Arthur Carhart's 1919 visit to Trappers Lake in the verdant embrace of the Flat Tops prompted him to be the first U.S. Forest Service official to initiate a plea for Wilderness preservation. No wonder he found the area so entrancing: behind Trappers Lake loom majestic volcanic cliffs, and beyond them a vast subalpine terrain reluctantly yields to alpine tundra (part of the White River Plateau with an average elevation of about 10,000 feet). Approximately 110 lakes and ponds, often unnamed, dot the country above and below numerous flat-topped cliffs. Roughly 100 miles of fishable streams are in the Flat Tops Wilderness. The valleys and relatively gentle land above the cliffs offers over 160 miles of trails. This is ideal country for stock-users and traveling cross-country. The hiking is inviting and limitless. Elk, deer and moose find the area quite pleasant in the summer. A skeletal forest of dead spruce and fir stretches across the higher slopes below the tundra, the eerie legacy of a 1940s bark beetle epidemic. In 2002 more than 17,000 acres burned around Trappers Lake and over 5,500 in the vicinity of Lost Lakes in the East Fork of the Williams Fork drainage amounting to almost 10% of the area of the Flat Tops Wilderness. The Flat Tops is Colorado's second largest Wilderness, a precious expanse of breathtakingly beautiful open land.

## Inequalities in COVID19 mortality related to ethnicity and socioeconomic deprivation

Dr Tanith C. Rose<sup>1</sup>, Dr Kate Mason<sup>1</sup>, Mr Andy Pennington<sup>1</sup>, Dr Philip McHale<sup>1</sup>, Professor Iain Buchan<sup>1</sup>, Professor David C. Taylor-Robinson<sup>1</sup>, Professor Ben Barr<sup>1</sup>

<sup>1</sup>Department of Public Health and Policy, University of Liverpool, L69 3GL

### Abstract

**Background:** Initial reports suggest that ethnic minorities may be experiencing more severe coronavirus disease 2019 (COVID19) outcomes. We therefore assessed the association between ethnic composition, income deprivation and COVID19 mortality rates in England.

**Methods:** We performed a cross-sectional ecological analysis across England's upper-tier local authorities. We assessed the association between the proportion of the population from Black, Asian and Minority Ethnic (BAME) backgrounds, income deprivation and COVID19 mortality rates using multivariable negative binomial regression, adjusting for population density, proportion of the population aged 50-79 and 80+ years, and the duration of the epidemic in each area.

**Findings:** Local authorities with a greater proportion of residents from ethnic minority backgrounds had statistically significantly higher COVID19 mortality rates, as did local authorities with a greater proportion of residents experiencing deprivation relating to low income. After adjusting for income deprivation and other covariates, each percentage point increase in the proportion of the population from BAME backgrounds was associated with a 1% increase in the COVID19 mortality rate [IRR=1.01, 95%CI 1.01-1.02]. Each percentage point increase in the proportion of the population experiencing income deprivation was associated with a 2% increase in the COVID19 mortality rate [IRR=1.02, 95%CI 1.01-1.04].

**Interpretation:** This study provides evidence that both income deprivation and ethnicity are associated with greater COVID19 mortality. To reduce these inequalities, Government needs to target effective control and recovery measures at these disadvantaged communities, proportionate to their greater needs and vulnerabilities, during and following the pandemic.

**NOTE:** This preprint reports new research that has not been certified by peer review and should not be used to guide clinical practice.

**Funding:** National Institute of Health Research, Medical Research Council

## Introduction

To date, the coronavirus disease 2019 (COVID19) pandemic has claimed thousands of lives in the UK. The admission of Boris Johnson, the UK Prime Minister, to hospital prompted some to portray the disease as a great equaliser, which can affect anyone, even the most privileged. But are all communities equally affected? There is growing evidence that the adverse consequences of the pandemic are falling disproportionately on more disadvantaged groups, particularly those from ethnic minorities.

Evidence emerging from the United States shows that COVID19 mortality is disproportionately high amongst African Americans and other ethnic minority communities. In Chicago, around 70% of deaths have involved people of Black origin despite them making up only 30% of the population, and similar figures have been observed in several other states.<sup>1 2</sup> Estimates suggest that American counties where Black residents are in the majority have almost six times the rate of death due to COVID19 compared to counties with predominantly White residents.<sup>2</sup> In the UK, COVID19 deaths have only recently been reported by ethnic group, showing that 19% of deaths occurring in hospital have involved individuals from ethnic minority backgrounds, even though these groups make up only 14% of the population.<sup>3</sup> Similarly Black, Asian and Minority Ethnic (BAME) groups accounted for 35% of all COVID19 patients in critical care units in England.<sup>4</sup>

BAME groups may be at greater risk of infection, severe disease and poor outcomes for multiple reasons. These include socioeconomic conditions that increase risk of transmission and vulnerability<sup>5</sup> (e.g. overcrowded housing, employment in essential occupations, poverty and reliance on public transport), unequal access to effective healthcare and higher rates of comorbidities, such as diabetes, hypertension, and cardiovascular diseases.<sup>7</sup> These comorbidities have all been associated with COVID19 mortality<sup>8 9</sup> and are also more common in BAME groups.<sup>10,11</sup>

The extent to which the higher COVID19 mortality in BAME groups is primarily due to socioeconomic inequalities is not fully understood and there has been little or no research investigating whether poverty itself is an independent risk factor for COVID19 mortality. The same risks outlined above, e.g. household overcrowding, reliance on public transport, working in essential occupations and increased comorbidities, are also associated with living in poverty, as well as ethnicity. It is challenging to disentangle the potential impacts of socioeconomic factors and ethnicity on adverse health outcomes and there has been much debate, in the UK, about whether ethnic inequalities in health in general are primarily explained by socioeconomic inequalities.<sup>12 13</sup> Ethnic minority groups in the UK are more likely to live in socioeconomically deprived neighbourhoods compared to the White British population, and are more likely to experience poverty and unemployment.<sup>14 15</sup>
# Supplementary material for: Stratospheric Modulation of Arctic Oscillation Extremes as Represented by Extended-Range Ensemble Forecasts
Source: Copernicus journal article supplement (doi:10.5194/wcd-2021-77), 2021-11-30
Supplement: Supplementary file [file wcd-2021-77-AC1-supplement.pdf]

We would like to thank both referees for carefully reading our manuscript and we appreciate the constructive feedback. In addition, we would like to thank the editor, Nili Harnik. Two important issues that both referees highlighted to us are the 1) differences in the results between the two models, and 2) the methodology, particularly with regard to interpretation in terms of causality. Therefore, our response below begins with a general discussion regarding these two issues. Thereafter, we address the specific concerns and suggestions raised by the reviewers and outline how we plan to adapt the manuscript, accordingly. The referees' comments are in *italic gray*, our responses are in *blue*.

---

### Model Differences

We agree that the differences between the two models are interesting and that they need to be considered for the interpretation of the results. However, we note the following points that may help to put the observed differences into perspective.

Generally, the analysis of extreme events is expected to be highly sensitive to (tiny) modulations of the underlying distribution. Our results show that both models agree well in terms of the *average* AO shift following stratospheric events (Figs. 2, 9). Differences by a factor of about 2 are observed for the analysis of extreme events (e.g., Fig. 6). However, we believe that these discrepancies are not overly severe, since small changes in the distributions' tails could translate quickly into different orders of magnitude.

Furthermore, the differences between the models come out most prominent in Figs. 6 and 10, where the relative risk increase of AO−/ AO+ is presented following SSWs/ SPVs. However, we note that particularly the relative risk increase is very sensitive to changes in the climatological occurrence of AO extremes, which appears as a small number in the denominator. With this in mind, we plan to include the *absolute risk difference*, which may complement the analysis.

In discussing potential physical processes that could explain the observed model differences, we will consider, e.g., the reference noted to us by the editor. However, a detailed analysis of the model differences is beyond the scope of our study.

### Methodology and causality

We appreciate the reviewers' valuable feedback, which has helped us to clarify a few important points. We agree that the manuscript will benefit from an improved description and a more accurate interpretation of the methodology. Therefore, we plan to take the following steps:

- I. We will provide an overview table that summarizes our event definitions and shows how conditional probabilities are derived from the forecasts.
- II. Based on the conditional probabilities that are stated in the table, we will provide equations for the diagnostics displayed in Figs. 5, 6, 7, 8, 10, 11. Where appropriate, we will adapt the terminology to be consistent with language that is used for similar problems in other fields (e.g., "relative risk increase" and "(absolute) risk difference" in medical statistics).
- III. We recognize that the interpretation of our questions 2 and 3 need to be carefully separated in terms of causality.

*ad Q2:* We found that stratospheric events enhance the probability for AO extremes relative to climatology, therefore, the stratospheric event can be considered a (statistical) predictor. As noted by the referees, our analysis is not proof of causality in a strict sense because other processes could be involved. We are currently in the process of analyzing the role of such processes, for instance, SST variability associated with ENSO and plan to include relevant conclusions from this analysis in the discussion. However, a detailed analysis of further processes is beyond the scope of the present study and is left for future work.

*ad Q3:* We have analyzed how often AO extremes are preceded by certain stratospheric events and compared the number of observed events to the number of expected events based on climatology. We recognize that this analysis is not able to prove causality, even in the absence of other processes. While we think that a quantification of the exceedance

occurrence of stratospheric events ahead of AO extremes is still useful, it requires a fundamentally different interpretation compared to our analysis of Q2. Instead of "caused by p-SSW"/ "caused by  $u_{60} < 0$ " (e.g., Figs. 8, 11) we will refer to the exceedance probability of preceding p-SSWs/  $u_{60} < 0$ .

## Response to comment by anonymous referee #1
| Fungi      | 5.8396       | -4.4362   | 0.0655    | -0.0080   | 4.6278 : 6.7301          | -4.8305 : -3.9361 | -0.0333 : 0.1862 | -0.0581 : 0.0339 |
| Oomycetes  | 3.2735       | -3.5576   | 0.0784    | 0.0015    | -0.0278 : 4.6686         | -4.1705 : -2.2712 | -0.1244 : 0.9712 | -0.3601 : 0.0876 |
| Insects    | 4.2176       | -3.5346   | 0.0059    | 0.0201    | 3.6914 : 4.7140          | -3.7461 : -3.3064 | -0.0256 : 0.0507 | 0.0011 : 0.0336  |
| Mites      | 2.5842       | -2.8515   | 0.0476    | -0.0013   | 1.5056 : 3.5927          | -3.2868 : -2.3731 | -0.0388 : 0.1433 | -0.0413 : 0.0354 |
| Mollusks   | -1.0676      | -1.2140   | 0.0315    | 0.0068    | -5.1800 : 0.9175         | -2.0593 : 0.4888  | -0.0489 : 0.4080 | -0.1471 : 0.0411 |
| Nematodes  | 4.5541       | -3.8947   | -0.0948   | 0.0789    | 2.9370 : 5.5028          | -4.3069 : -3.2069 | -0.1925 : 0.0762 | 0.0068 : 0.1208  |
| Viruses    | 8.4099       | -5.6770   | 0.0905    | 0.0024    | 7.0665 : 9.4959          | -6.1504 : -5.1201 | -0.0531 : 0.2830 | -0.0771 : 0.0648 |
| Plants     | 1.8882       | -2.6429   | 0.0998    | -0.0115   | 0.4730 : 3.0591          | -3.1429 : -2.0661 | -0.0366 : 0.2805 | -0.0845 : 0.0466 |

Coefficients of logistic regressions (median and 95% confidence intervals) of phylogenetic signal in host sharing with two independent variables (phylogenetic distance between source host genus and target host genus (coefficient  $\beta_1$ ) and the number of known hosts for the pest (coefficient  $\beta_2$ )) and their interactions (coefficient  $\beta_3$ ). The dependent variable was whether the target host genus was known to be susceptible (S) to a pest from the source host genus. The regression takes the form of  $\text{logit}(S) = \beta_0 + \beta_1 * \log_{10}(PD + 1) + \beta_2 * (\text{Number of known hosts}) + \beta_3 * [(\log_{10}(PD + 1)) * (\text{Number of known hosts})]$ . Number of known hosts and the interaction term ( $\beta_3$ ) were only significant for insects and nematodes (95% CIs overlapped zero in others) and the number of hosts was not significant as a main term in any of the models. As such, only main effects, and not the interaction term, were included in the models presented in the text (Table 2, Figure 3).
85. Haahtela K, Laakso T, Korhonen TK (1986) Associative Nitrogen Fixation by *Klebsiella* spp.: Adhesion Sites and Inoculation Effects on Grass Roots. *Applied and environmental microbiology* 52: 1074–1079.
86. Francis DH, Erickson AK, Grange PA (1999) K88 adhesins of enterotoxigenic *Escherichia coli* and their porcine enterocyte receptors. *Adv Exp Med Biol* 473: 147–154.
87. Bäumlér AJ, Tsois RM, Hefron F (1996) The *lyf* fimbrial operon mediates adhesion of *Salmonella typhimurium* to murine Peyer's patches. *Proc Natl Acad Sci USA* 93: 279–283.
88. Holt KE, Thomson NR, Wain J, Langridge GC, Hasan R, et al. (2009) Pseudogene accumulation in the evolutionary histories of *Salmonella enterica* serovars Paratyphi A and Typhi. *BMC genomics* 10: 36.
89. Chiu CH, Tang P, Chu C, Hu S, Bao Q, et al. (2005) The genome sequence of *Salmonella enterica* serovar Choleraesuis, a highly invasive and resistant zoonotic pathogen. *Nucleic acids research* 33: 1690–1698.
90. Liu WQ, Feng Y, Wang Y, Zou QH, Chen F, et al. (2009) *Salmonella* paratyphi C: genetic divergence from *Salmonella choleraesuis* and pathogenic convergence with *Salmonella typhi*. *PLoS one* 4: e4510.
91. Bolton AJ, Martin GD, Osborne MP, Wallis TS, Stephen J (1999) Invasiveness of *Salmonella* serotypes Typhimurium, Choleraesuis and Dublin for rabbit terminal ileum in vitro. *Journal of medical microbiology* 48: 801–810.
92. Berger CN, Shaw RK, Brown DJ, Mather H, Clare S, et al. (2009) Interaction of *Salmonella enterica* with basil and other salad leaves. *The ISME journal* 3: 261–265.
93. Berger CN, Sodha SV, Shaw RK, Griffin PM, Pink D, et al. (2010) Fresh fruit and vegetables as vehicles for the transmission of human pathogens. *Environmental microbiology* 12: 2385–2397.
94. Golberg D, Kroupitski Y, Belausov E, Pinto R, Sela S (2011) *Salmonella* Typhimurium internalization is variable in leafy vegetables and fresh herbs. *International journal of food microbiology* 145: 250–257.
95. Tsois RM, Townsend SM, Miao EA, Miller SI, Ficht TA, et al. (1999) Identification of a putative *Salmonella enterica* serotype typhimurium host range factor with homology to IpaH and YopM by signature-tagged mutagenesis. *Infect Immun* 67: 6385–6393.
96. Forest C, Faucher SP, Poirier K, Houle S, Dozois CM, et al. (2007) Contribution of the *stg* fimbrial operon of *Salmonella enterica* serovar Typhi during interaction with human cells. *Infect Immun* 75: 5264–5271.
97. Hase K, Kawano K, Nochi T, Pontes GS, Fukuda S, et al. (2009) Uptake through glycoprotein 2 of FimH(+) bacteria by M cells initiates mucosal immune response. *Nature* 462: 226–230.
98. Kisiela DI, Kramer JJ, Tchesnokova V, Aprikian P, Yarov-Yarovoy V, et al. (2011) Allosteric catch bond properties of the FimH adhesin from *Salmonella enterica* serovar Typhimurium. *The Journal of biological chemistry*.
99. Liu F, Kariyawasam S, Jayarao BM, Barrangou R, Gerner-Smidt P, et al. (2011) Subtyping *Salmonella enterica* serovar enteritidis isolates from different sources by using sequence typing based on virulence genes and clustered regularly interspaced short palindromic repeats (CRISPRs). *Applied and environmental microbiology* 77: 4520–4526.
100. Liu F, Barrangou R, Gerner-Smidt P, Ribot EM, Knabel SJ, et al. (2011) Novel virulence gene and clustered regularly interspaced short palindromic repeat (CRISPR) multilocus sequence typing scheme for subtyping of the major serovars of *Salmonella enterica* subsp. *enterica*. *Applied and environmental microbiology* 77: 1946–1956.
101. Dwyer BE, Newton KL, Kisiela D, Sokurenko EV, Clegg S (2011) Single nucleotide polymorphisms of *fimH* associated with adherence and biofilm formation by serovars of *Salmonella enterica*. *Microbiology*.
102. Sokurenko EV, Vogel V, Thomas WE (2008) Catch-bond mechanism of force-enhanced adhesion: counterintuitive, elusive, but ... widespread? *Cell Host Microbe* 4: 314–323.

Leave No Trace
How to follow the seven standard Leave No Trace principles differs in different parts of the country (desert vs. Rocky Mountains). Click on any of the principles listed below to learn more about how they apply in the Flat Tops Wilderness.
Digital and paper maps are critical tools for wilderness visitors. Online maps can help you plan and prepare for your visit ahead of time. You can also carry digital maps with you on your GPS unit or other handheld GPS device. Having a paper map with you in the backcountry, as well as solid orienteering skills, however, ensures that you can still route-find in the event that your electronic device fails.
Motorized equipment and equipment used for mechanical transport is generally prohibited in all wilderness areas.
This includes the use of motor vehicles, motorboats, motorized equipment, bicycles, hang gliders, wagons, carts, portage wheels, and the landing of aircraft including helicopters.